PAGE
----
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2014 Grants - Hoey
Affective and Cognitive Technologies for AssisTance in the HOME (ACT@HOME)
Jesse Hoey, Ph.D.
University of Waterloo
Waterloo, Ontario, Canada
2014 Everyday Technologies for Alzheimer's Care
Individuals living with Alzheimer’s disease may eventually need assistance with activities of daily living (ADLs) such as eating, dressing, and basic hygiene routines. Jesse Hoey, Ph.D., and colleagues have developed an artificially intelligent cognitive assistant (ICA), called COACH, that can assist individuals with Alzheimer’s having problems with ADLs. COACH monitors the person and provides audio-visual cues to help the person complete specific tasks like hand washing, making tea and tooth brushing. The researchers have found COACH to be effective in tracking and monitoring a person accurately, and appropriately prompting when needed. Although COACH can reduce the need for caregiver support, for some users it fails to provide appropriate assistance. The researchers hypothesize that this is mainly due to an emotional misalignment of COACH with specific individuals. For example, some people may prefer a more passive and polite caregiver tone, while others may respond better to a more active and dominant style of prompting.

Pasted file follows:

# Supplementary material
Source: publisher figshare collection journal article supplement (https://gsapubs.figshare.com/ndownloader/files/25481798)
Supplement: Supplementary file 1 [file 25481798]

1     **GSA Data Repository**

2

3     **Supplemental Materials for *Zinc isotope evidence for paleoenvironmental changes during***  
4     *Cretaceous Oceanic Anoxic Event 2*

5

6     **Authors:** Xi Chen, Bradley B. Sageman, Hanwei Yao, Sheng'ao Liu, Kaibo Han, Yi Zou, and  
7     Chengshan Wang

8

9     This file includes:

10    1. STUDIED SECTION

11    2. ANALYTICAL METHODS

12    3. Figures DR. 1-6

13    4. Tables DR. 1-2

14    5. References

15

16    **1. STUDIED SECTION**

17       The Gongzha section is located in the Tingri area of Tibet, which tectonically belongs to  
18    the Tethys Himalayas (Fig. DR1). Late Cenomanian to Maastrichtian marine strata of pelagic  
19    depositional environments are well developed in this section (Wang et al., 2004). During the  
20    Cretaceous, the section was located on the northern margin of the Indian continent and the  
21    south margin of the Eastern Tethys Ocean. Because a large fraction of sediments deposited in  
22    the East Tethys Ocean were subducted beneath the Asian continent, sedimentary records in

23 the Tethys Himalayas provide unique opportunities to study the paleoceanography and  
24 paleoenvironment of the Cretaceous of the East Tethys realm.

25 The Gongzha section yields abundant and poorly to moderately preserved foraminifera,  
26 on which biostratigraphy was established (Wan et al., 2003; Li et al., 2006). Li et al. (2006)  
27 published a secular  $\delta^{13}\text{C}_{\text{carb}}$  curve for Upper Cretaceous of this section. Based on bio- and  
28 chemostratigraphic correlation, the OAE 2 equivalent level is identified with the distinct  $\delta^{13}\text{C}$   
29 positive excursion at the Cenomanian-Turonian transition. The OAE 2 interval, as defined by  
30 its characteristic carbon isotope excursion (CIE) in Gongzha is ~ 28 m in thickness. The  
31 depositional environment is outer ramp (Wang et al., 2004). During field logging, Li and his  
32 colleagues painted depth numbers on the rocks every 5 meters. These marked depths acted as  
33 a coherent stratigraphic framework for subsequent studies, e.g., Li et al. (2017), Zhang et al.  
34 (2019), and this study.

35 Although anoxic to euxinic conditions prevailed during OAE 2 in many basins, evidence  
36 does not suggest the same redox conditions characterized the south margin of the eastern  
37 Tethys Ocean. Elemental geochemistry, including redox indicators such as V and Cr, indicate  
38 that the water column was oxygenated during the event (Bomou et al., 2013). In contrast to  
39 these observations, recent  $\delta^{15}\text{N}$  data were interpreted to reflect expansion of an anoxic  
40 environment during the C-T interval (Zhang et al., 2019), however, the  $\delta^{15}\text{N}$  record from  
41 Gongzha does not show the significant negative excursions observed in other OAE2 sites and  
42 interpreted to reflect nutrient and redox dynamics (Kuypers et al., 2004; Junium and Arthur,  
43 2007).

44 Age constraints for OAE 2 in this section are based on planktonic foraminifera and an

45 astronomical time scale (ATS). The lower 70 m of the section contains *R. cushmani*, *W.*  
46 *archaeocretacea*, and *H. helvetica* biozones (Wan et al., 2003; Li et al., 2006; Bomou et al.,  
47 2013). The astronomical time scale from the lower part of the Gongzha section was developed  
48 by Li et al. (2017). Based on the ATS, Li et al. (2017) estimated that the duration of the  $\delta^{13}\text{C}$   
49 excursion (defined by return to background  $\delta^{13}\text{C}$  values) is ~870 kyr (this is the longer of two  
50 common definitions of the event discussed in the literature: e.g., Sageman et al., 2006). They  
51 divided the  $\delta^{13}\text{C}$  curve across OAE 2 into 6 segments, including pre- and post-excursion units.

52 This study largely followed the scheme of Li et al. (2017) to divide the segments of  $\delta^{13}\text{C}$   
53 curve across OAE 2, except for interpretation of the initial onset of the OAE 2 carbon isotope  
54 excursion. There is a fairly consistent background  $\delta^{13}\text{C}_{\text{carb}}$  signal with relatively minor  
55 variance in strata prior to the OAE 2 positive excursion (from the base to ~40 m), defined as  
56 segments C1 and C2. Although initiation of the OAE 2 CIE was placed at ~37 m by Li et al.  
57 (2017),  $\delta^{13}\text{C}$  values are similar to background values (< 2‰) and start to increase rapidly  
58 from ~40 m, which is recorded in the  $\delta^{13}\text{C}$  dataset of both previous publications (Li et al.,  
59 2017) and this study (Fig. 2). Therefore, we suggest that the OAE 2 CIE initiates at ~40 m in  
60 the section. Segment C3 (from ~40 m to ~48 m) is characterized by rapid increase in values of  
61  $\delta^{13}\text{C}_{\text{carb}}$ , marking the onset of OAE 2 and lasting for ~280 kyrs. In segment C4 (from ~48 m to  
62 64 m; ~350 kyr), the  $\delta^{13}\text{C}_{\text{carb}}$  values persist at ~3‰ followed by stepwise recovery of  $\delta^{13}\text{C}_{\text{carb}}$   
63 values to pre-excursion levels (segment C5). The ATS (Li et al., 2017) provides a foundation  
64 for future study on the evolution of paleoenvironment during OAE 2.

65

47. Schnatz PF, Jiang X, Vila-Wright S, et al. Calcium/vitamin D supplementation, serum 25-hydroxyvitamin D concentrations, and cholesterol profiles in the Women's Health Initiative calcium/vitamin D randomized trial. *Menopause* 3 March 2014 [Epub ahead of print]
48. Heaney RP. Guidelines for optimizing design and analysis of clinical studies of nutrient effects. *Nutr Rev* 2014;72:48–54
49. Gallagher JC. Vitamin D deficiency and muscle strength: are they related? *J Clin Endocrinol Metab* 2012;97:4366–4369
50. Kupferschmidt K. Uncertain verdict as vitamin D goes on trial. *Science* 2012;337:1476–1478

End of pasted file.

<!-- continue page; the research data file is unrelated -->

Jesse Hoey, Ph.D., and colleagues aim to develop an emotionally intelligent version of COACH by revising its “canned” (pre-recorded) prompts. The researchers aim to tailor them by studying the methods and styles of human caregivers to ensure smoother and more effective user assimilation and response. To personalize the prompts to an individual’s preference, the researchers will use Affect Control Theory (ACT) — a sociocultural theory of emotional interactions between persons. This project will build precise models of emotional identity and personality into an existing cognitive assistant, and will demonstrate how this can improve the overall effectiveness and potential integration of such systems. The researchers believe that this level of emotional reasoning is one of the last major hurdles to overcome before intelligent cognitive assistants can be used in a widespread manner. This will translate into a better quality of life for both the patient and caregiver.